How Long Does Bleeding Last After a Miscarriage?

Learn What's Common After a Natural Miscarriage or D&C

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Miscarriage (the spontaneous loss of a pregnancy before week 20 of gestation) is, unfortunately, fairly common. A healthy woman has a 15% to 20% of having a miscarriage, according to the American Pregnancy Association. Most miscarriages are not the result of anything that the mother did during pregnancy—the majority are simply the result of a fetus that's developing abnormally. A miscarriage is most likely to occur during the first trimester (the first 12 weeks of gestation).

Some miscarriages occur so early that they happen before the mother even realizes that she is pregnant.

Still, it can be devastating. The experience is often painful, both physically and emotionally. Beyond cramping and passing tissues (the placenta and the gestational sac) through the vagina, one of the most common symptoms is vaginal bleeding. If you're going through a miscarriage, you may wonder: How long does the bleeding tend to last?

Bleeding After a Natural Miscarriage

The duration of bleeding after a miscarriage is different for every woman, but the bleeding should stop within about two weeks, in most cases. A longer bleeding time could be a sign of an incomplete miscarriage, meaning that tissue from the pregnancy is still present in the uterus. This poses a risk of infection, so be sure to report an unusually long bleeding time to your doctor in order to rule out complications.

The bleeding that you experience may be very heavy at first with large clots, and it's important to roughly measure how much you're bleeding.

If the blood is soaking through a menstrual pad in less than an hour, call your doctor immediately, because you may be hemorrhaging and might need a procedure called a D&C (more on that below). Also, if the bleeding is heavier than a regular menstrual period for more than two or three days, call your doctor.

Bleeding After a D&C

Having something called a D&C (dilation and curettage)—a surgical operation during which a physician dilates your cervix and empties your uterus by gently scraping the lining of your uterus—could shorten the duration of your vaginal bleeding, and some women may not even bleed at all following a D&C. During the first trimester, the procedure tends to be called a D&A—dilation and aspiration—because the doctor uses a tool called a suction curette, as opposed to a sharp curette.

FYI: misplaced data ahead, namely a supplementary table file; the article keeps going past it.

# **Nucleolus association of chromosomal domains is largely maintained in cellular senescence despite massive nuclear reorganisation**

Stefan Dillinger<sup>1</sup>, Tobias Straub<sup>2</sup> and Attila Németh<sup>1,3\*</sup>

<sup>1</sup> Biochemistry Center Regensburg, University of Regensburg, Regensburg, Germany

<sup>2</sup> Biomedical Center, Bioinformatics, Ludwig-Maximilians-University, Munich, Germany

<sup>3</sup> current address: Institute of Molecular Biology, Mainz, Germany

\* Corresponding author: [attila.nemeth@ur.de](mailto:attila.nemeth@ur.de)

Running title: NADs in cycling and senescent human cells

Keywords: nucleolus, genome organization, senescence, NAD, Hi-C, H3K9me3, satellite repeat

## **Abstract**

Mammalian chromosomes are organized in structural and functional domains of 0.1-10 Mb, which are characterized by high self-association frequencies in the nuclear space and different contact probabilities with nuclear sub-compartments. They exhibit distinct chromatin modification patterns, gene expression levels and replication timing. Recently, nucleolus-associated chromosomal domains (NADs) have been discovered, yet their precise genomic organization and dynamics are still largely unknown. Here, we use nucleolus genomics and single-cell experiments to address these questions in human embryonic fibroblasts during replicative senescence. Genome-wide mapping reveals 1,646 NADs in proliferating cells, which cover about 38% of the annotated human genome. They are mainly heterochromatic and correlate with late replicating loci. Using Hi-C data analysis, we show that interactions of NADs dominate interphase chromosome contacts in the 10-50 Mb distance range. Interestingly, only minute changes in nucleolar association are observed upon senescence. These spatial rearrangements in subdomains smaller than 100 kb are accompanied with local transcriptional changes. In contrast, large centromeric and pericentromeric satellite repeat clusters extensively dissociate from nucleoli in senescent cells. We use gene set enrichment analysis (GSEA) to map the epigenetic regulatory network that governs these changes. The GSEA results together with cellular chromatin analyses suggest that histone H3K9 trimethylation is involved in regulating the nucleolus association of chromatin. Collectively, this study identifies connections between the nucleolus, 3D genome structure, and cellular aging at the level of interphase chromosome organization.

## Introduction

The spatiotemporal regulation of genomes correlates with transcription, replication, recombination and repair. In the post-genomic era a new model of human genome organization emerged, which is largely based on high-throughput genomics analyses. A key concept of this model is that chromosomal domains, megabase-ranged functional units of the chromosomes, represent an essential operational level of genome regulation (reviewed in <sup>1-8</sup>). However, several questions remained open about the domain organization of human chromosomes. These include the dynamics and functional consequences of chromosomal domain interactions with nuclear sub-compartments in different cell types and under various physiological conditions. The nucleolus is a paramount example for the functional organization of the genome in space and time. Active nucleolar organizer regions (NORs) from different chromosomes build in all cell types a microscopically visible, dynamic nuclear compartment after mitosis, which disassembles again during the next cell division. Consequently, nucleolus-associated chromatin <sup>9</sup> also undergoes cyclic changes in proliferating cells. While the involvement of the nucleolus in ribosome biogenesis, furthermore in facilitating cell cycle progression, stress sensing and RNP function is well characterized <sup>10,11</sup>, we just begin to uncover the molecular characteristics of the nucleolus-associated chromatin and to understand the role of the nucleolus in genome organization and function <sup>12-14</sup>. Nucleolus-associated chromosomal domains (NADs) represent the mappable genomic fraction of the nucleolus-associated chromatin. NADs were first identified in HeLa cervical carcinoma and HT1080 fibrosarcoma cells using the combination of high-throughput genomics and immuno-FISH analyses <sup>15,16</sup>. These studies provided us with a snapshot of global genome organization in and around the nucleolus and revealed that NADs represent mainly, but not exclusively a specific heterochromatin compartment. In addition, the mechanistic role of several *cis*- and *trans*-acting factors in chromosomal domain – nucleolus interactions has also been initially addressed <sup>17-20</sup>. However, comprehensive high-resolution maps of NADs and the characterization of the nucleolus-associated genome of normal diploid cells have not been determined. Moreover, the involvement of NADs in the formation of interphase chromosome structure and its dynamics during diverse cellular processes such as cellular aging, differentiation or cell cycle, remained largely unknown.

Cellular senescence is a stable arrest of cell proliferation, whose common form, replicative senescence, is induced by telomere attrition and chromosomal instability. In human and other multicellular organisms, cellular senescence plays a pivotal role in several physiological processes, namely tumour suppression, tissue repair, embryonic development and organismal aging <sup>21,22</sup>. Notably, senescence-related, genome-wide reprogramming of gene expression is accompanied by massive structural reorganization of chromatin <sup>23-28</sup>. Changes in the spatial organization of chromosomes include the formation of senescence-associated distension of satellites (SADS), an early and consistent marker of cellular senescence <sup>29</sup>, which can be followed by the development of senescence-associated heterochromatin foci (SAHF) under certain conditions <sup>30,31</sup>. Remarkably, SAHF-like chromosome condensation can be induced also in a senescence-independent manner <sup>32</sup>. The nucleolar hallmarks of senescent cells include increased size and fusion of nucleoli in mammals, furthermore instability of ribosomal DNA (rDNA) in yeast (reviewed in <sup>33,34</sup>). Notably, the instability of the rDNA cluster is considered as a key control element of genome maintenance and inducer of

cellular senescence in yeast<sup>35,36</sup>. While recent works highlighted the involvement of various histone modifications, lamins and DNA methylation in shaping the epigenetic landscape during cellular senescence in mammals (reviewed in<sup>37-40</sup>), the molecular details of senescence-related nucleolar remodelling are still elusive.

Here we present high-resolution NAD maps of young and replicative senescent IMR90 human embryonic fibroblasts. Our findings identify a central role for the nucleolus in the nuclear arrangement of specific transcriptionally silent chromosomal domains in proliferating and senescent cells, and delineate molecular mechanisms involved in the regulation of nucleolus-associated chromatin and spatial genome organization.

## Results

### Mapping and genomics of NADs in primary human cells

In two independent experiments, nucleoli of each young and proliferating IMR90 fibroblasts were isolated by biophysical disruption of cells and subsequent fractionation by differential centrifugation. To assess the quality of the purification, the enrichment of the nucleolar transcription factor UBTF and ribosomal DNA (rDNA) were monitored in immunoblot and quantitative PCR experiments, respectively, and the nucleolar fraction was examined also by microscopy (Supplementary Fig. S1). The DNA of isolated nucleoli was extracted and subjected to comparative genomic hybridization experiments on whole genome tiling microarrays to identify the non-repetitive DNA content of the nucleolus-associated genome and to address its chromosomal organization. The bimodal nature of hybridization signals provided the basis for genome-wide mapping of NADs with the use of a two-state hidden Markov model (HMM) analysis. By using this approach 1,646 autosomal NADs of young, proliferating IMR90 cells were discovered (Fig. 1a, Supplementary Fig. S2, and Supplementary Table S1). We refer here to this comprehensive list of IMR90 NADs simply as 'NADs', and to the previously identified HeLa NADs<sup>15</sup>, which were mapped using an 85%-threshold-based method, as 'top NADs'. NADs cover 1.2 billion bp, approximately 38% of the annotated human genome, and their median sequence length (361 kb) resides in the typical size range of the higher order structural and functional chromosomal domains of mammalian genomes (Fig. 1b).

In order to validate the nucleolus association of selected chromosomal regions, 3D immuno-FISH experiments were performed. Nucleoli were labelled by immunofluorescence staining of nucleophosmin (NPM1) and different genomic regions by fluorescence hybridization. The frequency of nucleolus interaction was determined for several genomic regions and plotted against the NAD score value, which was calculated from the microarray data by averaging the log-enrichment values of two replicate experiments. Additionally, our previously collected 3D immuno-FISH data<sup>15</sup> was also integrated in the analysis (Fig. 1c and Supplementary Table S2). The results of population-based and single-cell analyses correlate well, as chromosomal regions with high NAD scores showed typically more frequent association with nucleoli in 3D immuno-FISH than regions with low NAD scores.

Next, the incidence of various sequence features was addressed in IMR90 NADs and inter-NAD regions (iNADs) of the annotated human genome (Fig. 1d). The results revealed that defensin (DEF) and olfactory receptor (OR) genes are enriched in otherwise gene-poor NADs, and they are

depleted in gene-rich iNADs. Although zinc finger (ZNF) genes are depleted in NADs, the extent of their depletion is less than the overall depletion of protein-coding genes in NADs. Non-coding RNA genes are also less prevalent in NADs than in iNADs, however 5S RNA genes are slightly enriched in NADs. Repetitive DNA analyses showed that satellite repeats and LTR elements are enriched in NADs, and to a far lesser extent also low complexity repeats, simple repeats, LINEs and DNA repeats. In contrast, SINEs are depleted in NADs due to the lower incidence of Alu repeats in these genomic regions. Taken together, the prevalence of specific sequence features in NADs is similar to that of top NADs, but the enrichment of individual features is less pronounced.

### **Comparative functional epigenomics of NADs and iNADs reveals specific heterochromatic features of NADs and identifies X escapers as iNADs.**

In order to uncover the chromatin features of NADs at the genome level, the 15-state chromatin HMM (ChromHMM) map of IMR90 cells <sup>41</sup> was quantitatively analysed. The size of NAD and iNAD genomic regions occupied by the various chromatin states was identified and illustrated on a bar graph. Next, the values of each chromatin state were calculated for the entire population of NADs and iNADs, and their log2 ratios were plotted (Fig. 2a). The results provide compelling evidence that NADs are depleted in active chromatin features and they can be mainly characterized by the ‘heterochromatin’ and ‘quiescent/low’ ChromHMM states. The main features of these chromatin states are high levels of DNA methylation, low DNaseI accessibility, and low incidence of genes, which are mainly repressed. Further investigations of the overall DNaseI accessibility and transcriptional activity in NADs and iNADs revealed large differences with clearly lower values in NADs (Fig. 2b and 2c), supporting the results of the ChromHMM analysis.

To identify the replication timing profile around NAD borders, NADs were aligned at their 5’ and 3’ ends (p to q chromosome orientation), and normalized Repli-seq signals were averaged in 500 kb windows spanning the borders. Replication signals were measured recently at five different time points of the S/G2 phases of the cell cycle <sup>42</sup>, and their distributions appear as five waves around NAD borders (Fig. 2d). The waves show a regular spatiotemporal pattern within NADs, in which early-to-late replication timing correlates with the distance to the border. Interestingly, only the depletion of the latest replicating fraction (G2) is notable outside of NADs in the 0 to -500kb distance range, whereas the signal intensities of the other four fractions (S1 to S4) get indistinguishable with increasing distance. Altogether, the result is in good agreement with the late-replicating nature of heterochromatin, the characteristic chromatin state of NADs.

Risk Factors for Miscarriage

Certain factors do put women at higher risk for miscarriage, and those include: being older than 35, having an invasive prenatal test (such as a chorionic villus sampling and amniocentesis), having a previous miscarriage, being overweight or underweight, having diabetes, being a smoker, drinking a lot of alcohol or taking many illicit drugs, and having uterine abnormalities or cervical tissues that are weak.

Finding Support

After a miscarriage, it's common to feel depressed, angry, and/or confused.

What complicates matters is that many women don't feel comfortable talking about their miscarriages in public. Instead of keeping your thoughts and feelings bottled up, ask your doctor if there is a support group in your town. Privately talking to other women who have been through the same experience may help you cope with the heartbreaking loss and feel less alone. In addition, you can request a free bereavement kit from March of Dimes. 


Johnson, Nick, Mike Priestnall, Thelma Marsay, Paul Ballard, and Joan Watters. "A randomised trial evaluating pain and bleeding after a first trimester miscarriage treated surgically or medically." European Journal of Obstetrics & Gynecology and Reproductive Biology 1997. Accessed 2 Jan 2008.

Trinder, J., P. Brocklehurst, R. Porter, M. Read, S. Vyas, and L. Smith. "Management of miscarriage: expectant, medical, or surgical? Results of randomised controlled trial (miscarriage treatment (MIST) trial)." 27 May 2006 BMJ. Accessed 2 Jan 2008.

"Miscarriage: Signs, Symptoms, Treatment And Prevention ." American College of Obstetricians and Gynecologists (2015).

"Miscarriage Risk Factors." Mayo Clinic (2013).

"D&C Procedure After a Miscarriage." American College of Obstetricians and Gynecologists (2015).

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